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Open Access Highly Accessed Case report

Safe surgical technique: reconstruction of the sternoclavicular joint for posttraumatic arthritis after posterior sternoclavicular dislocation

Philip F Stahel13*, Brian Barlow2, Frances Tepolt1, Katharine Mangan2 and Cyril Mauffrey1

Author Affiliations

1 Department of Orthopaedics, Denver Health Medical Center, University of Colorado, School of Medicine, Denver, CO 80204, USA

2 Department of Orthopaedics, Naval Medical Center, San Diego, CA 92134, USA

3 Department of Orthopaedics, Denver Health Medical Center, University of Colorado, School of Medicine, 777 Bannock Street, Denver, CO 80204, USA

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Patient Safety in Surgery 2013, 7:38  doi:10.1186/1754-9493-7-38

The electronic version of this article is the complete one and can be found online at: http://www.pssjournal.com/content/7/1/38


Received:5 December 2013
Accepted:26 December 2013
Published:31 December 2013

© 2013 Stahel et al.; licensee BioMed Central Ltd.

This is an Open Access article distributed under the terms of the Creative Commons Attribution License (http://creativecommons.org/licenses/by/2.0), which permits unrestricted use, distribution, and reproduction in any medium, provided the original work is properly cited. The Creative Commons Public Domain Dedication waiver (http://creativecommons.org/publicdomain/zero/1.0/) applies to the data made available in this article, unless otherwise stated.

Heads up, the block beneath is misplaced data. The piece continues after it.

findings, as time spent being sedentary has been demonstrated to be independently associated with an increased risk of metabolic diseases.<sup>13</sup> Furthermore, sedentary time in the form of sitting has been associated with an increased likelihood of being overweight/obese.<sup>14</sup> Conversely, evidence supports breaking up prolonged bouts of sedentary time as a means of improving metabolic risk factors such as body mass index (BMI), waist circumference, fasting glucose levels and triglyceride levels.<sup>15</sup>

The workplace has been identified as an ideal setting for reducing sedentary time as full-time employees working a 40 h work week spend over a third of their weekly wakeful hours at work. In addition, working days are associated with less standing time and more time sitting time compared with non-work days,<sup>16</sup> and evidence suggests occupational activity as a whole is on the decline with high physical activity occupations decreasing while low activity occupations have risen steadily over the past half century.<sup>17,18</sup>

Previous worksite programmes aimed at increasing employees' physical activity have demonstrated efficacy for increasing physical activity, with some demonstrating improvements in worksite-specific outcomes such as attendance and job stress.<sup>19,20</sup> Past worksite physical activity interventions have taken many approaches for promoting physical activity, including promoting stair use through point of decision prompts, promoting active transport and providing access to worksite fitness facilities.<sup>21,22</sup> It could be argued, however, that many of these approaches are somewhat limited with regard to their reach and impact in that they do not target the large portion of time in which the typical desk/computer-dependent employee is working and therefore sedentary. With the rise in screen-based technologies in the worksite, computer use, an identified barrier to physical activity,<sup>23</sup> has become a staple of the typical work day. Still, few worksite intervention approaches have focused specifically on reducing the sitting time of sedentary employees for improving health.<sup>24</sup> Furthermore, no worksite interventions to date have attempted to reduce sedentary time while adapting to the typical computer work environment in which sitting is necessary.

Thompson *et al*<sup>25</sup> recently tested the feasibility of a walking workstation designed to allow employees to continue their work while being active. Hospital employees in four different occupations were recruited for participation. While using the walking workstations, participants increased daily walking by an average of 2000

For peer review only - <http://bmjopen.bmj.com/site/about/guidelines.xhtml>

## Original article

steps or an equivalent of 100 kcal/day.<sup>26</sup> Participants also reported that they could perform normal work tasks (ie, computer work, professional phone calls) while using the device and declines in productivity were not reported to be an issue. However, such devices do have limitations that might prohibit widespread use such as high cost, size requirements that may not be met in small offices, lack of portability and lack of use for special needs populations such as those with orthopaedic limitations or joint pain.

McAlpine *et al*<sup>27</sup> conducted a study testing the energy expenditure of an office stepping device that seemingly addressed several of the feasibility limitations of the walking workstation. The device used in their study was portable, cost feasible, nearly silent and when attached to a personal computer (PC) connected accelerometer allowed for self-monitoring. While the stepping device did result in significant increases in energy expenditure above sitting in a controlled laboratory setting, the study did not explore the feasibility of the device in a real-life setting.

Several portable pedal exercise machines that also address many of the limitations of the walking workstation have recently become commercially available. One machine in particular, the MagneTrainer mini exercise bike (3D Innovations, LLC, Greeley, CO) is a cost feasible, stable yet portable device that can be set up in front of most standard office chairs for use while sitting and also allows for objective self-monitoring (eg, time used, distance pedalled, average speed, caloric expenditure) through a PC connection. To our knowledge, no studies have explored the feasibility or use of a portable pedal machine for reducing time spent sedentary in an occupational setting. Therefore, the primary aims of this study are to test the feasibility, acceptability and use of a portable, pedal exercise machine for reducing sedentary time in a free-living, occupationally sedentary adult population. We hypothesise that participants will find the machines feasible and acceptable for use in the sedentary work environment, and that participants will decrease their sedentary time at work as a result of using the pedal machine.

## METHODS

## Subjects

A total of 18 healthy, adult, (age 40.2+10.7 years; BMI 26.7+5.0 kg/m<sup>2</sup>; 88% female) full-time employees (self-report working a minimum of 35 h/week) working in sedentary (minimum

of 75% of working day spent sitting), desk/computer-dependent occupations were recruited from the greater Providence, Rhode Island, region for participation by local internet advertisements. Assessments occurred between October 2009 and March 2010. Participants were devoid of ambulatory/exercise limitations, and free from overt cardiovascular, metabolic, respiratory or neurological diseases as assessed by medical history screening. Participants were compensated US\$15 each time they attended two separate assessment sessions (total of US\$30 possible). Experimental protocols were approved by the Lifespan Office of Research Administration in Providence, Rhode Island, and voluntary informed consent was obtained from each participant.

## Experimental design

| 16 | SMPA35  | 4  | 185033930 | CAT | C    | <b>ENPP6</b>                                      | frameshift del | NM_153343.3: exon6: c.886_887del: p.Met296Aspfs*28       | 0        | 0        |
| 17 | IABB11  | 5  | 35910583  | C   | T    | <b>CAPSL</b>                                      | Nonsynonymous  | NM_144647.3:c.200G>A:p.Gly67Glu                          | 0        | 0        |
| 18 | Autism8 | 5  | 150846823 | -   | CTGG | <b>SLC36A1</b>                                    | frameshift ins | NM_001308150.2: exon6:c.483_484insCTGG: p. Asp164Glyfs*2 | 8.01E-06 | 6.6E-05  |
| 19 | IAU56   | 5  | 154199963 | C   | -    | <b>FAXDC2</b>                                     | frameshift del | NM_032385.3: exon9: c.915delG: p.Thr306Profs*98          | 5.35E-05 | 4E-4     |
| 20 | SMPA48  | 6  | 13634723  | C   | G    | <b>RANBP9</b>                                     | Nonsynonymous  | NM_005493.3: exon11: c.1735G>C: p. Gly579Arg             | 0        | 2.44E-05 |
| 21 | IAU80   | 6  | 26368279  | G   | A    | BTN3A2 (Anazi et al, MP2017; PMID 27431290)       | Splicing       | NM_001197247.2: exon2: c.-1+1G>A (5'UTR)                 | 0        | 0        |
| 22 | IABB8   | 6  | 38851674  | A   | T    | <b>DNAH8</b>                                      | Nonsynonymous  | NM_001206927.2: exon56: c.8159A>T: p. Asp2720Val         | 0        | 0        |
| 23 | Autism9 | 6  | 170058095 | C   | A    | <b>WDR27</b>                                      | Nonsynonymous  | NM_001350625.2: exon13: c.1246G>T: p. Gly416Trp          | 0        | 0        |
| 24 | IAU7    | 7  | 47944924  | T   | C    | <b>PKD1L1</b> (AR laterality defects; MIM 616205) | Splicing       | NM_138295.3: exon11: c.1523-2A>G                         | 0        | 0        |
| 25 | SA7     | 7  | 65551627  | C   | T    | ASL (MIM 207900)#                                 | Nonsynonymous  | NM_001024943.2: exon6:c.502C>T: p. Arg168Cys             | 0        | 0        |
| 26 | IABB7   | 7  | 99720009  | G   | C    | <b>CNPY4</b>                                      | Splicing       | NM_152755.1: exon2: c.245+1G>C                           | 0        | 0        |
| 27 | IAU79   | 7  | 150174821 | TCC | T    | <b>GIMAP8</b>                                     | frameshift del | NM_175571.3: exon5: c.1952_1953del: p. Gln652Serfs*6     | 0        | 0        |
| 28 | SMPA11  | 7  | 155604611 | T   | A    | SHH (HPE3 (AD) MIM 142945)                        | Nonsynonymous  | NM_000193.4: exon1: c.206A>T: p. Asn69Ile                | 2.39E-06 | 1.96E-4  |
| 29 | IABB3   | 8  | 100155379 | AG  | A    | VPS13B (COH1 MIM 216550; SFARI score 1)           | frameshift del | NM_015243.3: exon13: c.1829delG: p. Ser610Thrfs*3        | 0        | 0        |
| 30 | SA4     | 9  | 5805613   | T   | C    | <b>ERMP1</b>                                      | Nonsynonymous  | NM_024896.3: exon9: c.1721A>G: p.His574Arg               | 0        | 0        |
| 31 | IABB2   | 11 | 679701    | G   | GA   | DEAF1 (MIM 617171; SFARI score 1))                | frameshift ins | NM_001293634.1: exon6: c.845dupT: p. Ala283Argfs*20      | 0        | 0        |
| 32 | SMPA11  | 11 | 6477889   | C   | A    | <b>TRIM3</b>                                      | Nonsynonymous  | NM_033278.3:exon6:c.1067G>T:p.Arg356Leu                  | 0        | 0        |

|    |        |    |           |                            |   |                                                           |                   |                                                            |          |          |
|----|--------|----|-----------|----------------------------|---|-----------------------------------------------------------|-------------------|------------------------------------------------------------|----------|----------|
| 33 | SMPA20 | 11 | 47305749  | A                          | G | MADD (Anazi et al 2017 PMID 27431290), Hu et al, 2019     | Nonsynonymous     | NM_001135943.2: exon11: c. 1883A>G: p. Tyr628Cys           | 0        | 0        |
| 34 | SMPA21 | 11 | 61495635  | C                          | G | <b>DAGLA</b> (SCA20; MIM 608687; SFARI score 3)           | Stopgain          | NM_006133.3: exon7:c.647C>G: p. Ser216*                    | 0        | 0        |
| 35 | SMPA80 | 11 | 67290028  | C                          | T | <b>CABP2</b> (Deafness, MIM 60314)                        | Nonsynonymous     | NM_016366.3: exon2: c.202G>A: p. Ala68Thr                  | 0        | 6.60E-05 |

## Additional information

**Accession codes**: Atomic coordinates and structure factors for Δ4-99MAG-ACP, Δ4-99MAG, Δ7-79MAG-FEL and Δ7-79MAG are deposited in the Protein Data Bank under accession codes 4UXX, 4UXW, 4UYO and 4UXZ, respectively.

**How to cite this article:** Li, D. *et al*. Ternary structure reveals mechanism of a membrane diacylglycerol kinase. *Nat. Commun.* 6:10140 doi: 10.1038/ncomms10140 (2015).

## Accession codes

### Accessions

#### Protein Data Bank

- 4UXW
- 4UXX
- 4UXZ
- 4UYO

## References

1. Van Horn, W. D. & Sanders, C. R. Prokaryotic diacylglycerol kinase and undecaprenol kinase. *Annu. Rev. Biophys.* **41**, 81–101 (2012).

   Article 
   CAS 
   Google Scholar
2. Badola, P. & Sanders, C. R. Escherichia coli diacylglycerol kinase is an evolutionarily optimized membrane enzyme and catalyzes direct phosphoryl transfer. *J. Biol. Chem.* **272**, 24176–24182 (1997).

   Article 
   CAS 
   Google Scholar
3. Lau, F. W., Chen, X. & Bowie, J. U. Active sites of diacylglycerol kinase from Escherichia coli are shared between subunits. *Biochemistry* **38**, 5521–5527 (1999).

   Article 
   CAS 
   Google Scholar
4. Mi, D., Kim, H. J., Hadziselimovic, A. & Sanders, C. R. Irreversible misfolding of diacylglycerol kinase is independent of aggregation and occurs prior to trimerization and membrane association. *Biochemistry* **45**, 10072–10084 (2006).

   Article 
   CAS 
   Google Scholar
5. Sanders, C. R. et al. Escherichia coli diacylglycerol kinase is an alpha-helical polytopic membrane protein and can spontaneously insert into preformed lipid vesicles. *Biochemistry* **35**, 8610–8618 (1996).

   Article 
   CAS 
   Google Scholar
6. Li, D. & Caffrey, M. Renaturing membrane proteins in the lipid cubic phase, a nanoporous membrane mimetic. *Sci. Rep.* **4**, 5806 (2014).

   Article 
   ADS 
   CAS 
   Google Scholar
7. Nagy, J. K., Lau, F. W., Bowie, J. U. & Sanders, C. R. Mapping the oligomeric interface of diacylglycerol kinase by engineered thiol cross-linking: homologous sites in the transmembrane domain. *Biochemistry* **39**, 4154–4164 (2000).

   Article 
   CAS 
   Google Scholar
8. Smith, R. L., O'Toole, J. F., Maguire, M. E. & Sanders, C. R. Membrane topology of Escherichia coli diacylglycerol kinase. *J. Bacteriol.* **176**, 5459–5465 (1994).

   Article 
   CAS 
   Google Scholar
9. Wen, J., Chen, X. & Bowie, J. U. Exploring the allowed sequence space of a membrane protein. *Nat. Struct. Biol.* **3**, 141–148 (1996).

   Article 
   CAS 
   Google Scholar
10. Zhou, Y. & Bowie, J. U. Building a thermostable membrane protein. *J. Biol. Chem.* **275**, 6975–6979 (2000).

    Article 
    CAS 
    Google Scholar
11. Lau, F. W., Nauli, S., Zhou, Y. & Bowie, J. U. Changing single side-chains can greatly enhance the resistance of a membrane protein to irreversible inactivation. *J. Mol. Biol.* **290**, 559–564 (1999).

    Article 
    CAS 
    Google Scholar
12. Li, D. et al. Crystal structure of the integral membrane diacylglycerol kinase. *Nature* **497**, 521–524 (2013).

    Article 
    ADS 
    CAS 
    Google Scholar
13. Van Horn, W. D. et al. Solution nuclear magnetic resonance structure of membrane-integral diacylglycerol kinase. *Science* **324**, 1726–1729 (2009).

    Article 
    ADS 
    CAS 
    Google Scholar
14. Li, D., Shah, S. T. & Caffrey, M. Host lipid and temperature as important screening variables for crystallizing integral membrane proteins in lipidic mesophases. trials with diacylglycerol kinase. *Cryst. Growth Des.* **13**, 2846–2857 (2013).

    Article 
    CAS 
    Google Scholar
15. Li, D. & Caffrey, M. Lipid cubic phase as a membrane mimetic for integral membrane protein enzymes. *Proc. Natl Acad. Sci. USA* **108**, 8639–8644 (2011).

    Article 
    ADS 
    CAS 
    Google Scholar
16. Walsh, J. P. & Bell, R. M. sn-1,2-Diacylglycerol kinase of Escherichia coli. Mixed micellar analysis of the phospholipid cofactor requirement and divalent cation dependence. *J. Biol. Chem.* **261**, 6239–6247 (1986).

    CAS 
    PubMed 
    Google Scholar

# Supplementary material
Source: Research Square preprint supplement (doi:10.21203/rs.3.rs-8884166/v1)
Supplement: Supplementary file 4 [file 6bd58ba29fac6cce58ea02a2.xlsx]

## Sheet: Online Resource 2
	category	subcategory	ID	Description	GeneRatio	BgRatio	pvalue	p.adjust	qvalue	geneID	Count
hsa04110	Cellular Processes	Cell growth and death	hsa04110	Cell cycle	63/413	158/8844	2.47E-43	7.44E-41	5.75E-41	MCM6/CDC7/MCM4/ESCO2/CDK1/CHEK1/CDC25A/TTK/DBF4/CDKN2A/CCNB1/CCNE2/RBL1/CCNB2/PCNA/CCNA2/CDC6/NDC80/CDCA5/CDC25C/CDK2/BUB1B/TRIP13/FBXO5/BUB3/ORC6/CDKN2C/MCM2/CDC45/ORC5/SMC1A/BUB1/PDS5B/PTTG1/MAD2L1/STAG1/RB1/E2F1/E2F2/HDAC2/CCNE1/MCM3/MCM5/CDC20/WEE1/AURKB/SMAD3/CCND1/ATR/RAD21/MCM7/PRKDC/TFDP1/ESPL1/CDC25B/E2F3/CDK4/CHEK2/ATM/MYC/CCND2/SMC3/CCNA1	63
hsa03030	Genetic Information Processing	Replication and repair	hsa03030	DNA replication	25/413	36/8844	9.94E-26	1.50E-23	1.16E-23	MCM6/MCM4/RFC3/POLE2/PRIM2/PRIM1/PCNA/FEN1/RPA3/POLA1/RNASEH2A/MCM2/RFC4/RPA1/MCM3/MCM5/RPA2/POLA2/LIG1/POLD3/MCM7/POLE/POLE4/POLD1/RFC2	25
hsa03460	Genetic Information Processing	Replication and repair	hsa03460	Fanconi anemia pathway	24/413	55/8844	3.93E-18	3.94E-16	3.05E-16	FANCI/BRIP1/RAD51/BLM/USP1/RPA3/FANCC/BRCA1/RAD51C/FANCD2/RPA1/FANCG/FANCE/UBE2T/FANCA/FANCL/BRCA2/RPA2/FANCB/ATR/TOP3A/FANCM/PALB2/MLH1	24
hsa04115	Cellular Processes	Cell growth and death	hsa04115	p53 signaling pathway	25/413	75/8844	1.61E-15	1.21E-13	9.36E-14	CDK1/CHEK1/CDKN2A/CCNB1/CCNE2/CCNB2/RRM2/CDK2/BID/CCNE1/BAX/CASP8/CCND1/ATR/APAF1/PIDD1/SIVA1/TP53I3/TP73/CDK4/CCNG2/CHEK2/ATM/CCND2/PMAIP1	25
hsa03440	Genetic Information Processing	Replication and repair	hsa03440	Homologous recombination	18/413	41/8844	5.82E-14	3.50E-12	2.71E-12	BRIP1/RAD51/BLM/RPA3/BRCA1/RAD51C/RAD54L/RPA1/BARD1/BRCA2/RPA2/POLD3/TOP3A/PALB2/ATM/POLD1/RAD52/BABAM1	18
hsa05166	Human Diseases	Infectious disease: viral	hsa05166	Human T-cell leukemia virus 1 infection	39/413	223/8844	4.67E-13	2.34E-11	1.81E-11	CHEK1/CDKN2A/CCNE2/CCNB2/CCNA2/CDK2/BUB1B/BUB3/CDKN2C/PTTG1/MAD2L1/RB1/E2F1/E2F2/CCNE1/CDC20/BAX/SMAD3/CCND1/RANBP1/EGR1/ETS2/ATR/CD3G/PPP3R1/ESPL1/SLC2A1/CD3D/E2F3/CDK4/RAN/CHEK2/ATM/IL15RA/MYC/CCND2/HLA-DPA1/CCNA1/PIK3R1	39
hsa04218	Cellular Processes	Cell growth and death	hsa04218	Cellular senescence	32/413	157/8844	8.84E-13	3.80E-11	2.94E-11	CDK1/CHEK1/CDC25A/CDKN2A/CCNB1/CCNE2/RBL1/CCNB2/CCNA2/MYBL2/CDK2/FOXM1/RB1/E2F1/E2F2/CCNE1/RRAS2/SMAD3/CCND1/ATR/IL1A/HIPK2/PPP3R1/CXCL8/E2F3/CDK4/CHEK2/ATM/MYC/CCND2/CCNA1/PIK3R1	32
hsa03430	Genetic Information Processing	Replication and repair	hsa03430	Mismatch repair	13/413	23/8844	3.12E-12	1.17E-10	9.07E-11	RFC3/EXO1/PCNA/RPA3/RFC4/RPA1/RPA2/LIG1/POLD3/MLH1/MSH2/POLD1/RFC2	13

Abstract

Posttraumatic sternoclavicular arthritis related to chronic ligamentous instability after posterior sternoclavicular dislocation represents a rare but challenging problem. The current article in the Journal’s “Safe Surgical Technique” series describes a successful salvage procedure by partial resection of the medial clavicle and ligamentous reconstruction of the sternoclavicular joint with a figure-of-eight semitendinosus allograft interposition arthroplasty.

Background

Since the first description of a traumatic posterior sternoclavicular dislocation 170 years ago [1], several anecdotal case reports have been published on this rare injury pattern [2-8]. While uncommon, posterior sternoclavicular dislocations represent potentially life-threatening injuries due to the close proximity of the posterior mediastinal structures [9,10]. Aside from the risk of a vascular injury [11], tracheal tears and esophageal compression have been described, which lead to acute dyspnea and dysphagia [12]. Additional associated injuries include a traumatic vocal cord palsy [13] and brachial plexus injury [14]. Establishing an early diagnosis is difficult since these injuries are frequently missed [5,15,16]. Clinically, patients with traumatic posterior sternoclavicular dislocations are in significant pain, potentially associated with venous congestion, shortness of breath, and dysphagia. The medial end of the clavicle is typically palpable lateral to the jugular notch, and when displaced posteriorly, the corner of the sternum is exposed to palpation. As the clinical examination frequently remains equivocal, radiographic studies are required to establish the diagnosis [5,16,17]. Conventional radiographs are not sensitive for posterior sternoclavicular dislocations, and computed tomography (CT) represents the imaging modality of choice [18,19].